Consistent with Commissioner Gottlieb’s signaling that the FDA is most concerned about disease-curing claims, on April 4th the FDA and Federal Trade Commission (“FTC”) announced that they had sent warning letters to three companies making claims that their CBD products, which included both topical and ingestible products, were “drugs” by virtue of disease-curing claims and that the companies lacked substantiation for such claims.  These letters mark the first time that the FDA and the FTC have issued joint letters and may signal a coordination of resources in order to better address issues.  Significantly, the letters did not object to numerous other CBD food products offered by one of the recipients, PotNetwork Holdings, Inc., on its website at www.diamondcbd.com.

Lessons for the Food Industry
This latest activity provides some key insights for those in the food and beverage industry wanting to participate in the CBD boom:

  1. While the FDA has indicated that it is likely to use its resources to take enforcement action against companies making disease-curing claims, distributing food and beverage to which CBD has been added remains unlawful under federal law.
  2. Food and beverage products containing CBD also are subject to enforcement by state and local agencies.  Whether such products would be considered unlawful and the likelihood of enforcement action under state and local law would need to be examined on a state by state basis.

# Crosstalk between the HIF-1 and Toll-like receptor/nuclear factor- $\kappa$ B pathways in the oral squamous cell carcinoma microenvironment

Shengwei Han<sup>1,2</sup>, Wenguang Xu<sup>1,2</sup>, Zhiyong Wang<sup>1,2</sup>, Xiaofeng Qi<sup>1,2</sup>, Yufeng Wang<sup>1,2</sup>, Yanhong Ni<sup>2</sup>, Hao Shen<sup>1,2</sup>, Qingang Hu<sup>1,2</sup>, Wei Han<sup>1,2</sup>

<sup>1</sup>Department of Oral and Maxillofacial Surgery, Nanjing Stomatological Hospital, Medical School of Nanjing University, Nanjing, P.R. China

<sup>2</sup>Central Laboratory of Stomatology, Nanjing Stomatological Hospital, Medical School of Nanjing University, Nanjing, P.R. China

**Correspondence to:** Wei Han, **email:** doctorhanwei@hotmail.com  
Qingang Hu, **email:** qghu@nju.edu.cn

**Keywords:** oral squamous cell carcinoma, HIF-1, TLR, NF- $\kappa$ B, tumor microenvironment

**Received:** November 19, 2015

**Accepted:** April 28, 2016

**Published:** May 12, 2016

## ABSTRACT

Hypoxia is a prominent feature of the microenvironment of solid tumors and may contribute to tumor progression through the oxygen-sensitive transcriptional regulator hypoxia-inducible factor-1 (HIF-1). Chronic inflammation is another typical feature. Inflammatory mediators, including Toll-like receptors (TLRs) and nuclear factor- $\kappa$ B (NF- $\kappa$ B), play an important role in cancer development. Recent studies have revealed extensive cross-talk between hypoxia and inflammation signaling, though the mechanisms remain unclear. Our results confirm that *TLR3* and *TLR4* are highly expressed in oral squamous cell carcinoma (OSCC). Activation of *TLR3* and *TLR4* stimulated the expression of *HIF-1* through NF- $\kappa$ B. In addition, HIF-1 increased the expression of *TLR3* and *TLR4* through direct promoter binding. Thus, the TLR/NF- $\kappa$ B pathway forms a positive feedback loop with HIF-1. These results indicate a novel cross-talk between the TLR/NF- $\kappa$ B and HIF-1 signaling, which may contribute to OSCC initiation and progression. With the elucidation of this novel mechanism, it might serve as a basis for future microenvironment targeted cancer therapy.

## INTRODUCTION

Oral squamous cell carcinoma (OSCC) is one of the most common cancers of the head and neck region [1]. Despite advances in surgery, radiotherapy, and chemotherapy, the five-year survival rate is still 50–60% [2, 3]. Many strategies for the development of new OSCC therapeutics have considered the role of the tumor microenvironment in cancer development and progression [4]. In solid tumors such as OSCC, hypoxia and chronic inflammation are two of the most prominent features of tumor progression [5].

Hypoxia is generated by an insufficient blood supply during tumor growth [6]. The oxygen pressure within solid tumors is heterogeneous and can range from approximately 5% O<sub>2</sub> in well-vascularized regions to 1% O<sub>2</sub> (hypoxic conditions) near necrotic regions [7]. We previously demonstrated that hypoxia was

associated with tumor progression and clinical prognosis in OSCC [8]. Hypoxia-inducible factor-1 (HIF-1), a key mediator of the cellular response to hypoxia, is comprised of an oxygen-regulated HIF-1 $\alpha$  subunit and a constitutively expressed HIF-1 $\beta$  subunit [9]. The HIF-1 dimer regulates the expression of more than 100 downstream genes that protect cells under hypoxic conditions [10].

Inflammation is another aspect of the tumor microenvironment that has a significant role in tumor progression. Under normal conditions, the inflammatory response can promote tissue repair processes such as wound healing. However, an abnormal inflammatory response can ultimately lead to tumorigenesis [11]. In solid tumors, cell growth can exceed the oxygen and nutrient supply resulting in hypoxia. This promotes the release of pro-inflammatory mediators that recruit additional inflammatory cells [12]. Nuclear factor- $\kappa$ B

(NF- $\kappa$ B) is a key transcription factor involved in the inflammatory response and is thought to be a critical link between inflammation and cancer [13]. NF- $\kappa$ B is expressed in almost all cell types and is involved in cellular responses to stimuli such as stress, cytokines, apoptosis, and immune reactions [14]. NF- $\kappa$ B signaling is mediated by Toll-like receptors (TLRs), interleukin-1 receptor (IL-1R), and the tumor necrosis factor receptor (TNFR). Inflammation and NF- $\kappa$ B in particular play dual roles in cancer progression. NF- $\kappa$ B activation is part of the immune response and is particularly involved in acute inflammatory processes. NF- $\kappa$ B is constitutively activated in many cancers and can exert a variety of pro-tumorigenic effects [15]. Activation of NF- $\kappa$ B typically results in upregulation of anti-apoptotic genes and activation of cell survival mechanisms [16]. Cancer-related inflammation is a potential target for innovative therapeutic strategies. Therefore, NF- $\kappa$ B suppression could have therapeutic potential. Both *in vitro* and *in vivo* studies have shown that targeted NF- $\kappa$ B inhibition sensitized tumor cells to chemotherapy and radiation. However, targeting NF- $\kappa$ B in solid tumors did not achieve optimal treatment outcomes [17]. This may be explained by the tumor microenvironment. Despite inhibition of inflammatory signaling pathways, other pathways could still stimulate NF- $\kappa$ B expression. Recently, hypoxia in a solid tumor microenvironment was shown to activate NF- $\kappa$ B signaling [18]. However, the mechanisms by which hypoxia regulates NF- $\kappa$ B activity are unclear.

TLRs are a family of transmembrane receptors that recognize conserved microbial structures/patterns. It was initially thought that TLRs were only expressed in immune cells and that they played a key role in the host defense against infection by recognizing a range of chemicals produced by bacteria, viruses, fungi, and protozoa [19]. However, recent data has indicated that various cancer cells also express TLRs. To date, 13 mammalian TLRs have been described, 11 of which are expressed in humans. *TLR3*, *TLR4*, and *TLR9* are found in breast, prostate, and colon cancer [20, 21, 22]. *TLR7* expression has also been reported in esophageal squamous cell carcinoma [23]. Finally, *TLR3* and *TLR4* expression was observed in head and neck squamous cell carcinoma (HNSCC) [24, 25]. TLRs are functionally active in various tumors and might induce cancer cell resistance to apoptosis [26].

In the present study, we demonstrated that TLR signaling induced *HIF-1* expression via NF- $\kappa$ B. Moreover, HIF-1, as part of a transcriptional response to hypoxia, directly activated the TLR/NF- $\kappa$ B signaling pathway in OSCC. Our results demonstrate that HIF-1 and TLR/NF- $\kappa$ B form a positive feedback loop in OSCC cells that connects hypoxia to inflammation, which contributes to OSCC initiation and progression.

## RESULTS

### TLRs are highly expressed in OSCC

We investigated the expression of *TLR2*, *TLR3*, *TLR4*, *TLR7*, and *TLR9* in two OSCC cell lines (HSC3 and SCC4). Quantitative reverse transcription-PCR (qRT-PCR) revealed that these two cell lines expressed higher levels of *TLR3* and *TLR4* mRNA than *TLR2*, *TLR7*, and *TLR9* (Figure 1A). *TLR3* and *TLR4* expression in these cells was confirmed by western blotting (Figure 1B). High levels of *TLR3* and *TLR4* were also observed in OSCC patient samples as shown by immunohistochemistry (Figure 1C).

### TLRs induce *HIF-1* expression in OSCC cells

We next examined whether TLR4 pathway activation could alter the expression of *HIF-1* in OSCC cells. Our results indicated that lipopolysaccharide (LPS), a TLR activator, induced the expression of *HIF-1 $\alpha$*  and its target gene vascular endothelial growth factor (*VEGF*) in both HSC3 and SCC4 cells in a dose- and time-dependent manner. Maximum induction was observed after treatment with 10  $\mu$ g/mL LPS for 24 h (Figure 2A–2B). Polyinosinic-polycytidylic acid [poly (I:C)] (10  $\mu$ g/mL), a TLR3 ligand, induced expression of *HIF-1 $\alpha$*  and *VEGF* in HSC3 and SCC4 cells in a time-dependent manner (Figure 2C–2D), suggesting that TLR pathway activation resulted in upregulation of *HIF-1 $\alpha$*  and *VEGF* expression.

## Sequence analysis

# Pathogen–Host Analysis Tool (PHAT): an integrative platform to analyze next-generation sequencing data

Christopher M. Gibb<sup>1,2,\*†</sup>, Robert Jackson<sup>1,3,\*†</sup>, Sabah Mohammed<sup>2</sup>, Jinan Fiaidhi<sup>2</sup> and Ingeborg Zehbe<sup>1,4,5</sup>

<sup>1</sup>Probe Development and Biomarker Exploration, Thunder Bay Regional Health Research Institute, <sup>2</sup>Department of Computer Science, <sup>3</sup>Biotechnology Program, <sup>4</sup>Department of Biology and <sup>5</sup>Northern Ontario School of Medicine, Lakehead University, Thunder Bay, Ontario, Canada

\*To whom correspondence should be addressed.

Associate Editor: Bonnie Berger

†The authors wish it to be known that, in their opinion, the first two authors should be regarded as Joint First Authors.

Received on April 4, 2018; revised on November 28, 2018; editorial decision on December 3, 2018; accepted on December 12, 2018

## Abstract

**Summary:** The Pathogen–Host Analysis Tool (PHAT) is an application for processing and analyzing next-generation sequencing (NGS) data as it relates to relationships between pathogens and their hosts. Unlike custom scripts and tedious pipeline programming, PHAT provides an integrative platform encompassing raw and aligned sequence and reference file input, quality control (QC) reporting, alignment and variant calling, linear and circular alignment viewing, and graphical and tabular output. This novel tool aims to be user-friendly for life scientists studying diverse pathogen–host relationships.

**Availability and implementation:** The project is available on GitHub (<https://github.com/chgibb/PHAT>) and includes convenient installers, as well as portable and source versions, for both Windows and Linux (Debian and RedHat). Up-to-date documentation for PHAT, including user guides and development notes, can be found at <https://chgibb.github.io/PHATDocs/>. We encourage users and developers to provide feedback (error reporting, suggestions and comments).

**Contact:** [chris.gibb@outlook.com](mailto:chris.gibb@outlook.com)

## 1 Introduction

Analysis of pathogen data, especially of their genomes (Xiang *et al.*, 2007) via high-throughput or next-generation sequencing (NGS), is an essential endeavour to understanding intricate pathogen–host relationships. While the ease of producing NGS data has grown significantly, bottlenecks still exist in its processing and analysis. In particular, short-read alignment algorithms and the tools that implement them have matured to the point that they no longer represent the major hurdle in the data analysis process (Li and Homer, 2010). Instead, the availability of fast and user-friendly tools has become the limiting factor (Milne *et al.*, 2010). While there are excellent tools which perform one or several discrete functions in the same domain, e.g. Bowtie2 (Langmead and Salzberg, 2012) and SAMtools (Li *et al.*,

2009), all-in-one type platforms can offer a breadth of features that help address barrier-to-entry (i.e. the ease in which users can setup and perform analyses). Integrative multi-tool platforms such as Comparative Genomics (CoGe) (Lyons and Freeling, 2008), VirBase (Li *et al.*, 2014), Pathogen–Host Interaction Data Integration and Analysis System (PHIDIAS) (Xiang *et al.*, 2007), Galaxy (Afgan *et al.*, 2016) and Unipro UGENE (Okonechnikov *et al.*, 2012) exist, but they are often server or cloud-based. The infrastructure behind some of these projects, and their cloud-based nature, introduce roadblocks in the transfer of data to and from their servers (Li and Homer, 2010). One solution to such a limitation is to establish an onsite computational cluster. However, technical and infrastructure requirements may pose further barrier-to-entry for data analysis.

3. While change in federal law may come eventually, it may be years before such change is enacted.
  4. It is lawful to include hulled hemp seeds, hemp protein and hemp seed oil in food.

Given the popularity of CBD and the inevitable increase in the supply of hemp with hemp’s new status as a legal crop under federal law, the lawfulness of CBD in food, beverages and supplements will undoubtedly remain a hot and developing topic.


© 2019 McNees Wallace & Nurick LLC
McNees Food & Beverage Client Alert is presented with the understanding that the publisher does not render specific legal, accounting or other professional service to the reader. Due to the rapidly changing nature of the law, information contained in this publication may become outdated. Anyone using this material must always research original sources of authority and update this information to ensure accuracy and applicability to specific legal matters. In no event will the authors, the reviewers or the publisher be liable for any damage, whether direct, indirect or consequential, claimed to result from the use of this material.